Thus, I recommend that one spend time alone in nature in order to realize that they too, like everything around them, are merely parts of a larger whole. Personally, if it was not for the nature I probably would have killed myself long ago.
So go out and spend the day alone in the wilderness. Meditate, contemplate, or simply wander around – but go, leave this industrialized world and be reunited with mankind’s true environment.

On Spirituality

Image result for nicholas roerich artI believe in ‘spirituality’ in the sense that it is a psychological perspective. In other words, I do not believe in the ‘spirituality’ which encompasses an objective or existent ‘other-world’ inhabited by sentient spirits.
When most people think of ‘spirituality’, they assume things such as speaking to the dead, or being possessed by spirits, or coming into contact with God. This is largely a result of the Judeo-Christian influence on our western world, which teaches of spirits and angels and the objective existence of non-human entities that live in different dimensions.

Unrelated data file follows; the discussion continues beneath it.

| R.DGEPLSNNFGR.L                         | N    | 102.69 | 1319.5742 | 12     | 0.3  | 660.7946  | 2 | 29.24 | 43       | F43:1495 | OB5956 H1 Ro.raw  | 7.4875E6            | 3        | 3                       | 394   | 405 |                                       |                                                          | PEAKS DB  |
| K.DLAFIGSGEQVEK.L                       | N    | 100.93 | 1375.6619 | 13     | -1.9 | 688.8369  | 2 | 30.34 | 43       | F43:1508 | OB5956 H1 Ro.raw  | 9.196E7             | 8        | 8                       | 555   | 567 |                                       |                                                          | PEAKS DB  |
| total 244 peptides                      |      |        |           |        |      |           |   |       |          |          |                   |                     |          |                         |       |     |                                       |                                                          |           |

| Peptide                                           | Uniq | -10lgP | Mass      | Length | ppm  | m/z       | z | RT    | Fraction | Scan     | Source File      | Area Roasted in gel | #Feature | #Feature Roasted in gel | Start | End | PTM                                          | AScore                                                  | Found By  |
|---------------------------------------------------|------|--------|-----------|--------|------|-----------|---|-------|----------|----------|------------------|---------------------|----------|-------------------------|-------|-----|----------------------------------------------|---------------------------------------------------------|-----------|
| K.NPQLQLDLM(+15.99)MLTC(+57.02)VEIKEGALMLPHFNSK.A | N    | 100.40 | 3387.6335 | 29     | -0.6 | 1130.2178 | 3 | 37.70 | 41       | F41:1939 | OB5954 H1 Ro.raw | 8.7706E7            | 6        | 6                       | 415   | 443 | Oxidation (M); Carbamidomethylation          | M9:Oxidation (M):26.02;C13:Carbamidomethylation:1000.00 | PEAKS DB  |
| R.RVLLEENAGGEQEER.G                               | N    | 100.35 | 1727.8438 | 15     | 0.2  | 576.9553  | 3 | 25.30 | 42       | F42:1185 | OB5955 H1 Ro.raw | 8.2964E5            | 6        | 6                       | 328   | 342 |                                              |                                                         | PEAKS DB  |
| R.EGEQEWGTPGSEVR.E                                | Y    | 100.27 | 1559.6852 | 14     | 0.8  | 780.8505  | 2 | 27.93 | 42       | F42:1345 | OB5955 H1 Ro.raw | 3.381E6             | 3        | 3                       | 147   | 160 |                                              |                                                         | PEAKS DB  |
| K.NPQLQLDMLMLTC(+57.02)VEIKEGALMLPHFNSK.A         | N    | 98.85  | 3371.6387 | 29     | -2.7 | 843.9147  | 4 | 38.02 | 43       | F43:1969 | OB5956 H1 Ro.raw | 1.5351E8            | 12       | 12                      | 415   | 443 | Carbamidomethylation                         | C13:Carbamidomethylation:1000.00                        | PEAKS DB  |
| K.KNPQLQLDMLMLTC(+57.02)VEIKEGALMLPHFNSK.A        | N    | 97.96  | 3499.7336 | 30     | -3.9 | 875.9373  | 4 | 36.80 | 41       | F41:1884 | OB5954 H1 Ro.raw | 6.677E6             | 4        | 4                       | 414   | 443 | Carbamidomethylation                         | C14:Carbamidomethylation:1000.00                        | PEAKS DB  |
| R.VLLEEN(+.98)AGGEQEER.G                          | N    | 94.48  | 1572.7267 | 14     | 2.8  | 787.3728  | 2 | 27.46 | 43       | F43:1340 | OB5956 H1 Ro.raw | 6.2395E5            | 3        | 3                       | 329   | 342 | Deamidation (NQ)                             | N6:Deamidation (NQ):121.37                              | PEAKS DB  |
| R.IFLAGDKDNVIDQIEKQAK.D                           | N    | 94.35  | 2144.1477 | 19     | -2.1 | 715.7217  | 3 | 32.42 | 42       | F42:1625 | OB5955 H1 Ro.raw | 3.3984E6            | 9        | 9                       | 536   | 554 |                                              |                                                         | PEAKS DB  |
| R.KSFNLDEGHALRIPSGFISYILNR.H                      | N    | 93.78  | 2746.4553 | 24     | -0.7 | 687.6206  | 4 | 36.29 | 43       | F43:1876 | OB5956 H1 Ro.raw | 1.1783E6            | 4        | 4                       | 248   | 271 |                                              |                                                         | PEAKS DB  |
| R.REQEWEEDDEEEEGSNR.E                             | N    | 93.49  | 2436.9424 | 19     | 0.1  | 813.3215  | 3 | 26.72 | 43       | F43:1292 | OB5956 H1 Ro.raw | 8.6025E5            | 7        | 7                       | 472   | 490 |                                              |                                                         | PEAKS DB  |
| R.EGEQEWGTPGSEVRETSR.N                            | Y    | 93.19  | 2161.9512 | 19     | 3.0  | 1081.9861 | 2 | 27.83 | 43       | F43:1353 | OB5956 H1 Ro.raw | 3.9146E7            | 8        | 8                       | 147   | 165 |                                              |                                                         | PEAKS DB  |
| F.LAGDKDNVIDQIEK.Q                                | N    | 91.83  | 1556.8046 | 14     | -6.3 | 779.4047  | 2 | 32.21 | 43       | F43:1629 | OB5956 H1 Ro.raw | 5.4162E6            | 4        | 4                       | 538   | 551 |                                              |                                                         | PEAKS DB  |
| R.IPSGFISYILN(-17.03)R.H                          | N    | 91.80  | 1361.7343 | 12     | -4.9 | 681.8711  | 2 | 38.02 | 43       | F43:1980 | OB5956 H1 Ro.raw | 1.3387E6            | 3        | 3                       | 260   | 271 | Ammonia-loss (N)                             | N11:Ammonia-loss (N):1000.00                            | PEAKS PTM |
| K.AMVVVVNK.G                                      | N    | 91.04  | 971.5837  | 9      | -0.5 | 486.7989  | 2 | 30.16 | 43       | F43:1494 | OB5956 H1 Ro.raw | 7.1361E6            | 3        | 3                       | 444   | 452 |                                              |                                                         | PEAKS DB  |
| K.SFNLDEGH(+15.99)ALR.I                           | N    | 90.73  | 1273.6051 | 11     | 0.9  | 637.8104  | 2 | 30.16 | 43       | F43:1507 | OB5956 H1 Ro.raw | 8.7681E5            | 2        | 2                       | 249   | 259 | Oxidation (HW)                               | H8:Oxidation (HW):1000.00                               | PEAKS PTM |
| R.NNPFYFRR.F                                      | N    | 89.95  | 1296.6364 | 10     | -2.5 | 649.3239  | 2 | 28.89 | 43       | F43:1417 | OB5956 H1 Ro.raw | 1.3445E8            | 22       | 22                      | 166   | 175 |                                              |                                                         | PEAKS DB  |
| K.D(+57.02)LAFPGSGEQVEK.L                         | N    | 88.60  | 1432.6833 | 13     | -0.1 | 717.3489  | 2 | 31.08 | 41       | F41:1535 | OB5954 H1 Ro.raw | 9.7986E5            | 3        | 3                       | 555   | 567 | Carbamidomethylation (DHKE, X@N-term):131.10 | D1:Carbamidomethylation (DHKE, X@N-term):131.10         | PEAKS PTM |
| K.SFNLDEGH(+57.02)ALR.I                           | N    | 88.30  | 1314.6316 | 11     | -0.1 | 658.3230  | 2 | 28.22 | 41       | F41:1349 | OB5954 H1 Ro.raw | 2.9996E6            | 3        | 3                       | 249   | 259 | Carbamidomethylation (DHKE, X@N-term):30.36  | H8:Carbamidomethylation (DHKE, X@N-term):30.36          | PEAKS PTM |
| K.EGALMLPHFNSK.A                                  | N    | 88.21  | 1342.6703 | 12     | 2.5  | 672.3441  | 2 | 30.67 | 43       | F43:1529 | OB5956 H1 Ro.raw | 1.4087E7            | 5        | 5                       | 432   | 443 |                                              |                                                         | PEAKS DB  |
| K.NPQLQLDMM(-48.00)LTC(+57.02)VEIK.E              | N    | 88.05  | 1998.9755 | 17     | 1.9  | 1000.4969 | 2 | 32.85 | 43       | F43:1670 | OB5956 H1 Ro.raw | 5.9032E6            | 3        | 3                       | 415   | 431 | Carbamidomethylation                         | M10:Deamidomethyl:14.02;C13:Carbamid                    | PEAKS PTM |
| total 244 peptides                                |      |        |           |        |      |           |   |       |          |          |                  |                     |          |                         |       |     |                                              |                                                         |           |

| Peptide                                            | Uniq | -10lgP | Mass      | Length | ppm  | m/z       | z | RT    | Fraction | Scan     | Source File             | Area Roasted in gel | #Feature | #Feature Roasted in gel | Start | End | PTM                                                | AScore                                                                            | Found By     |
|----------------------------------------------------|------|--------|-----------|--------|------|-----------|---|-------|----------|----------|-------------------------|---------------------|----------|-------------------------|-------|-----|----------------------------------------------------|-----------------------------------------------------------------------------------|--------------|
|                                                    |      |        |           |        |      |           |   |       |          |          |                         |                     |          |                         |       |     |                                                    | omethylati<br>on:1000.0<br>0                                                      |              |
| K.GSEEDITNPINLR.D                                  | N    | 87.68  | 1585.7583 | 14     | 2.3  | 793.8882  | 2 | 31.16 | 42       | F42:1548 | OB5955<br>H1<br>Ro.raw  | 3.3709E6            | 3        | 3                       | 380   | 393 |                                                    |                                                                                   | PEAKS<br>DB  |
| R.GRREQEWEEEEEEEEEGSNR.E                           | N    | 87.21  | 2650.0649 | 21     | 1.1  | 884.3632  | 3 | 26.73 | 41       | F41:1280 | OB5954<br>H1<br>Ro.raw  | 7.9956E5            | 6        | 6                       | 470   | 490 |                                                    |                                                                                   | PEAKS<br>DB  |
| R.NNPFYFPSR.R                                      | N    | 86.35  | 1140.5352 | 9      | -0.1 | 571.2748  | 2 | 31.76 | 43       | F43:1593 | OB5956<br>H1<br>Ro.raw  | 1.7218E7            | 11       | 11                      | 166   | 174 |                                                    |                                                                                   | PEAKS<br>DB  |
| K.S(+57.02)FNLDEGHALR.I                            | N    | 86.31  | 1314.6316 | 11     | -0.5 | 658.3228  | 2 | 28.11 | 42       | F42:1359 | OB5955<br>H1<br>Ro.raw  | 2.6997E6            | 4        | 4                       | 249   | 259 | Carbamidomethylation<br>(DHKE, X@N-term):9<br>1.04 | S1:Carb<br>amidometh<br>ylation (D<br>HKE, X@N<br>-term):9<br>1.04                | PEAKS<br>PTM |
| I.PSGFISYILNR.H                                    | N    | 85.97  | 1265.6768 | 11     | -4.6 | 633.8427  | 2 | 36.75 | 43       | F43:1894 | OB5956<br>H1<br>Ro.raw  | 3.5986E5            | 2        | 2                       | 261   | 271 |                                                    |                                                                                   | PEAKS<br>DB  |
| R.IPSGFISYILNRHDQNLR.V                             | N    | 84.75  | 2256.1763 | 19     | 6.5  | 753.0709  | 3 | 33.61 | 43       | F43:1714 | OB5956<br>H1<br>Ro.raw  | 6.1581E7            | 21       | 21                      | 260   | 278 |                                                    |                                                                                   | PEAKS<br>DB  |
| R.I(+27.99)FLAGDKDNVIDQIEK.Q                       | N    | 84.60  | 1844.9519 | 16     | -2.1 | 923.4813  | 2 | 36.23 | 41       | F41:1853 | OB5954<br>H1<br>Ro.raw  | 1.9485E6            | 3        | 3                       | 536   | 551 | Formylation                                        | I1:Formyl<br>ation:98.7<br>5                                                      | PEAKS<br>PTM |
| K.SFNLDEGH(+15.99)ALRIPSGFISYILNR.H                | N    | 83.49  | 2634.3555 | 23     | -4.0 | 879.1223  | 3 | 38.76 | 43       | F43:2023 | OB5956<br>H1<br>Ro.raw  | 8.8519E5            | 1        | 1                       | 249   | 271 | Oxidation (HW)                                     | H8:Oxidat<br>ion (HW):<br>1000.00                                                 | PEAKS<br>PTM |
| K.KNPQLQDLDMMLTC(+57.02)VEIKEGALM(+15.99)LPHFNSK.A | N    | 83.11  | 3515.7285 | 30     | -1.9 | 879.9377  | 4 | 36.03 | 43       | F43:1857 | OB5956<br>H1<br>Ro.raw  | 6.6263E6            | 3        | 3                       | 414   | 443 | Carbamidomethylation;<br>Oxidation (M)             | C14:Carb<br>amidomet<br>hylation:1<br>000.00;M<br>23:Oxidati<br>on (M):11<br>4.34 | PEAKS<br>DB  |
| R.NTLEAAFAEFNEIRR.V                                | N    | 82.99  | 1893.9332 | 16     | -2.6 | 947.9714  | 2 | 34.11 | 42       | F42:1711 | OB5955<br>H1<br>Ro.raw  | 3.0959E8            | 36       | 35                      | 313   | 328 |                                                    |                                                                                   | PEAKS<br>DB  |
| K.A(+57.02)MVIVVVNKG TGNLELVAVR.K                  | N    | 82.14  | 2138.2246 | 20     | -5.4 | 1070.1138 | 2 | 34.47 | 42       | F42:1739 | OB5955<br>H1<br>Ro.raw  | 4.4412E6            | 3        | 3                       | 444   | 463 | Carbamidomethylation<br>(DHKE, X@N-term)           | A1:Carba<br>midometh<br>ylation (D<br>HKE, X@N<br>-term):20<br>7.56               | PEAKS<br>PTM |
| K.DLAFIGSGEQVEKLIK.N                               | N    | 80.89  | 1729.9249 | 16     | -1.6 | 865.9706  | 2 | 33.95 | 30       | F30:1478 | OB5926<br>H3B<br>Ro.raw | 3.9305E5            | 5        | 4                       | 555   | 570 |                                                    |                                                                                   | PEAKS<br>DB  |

However, this is definitely not the kind of ‘spirituality’ I am referring to. Mostly because, as anyone familiar with my work can attest – I am mostly an atheist.
There are other types of ‘spirituality’ which are professed by shamans and spiritual gurus – another group of individuals who, like Christians, expound ideas that I believe to be false or largely imaginative.
Sam Harris, a contemporary philosopher whom I greatly respect, has said that ‘spirituality’ is a psychological phenomenon – one does not need to be religious to follow it or study it.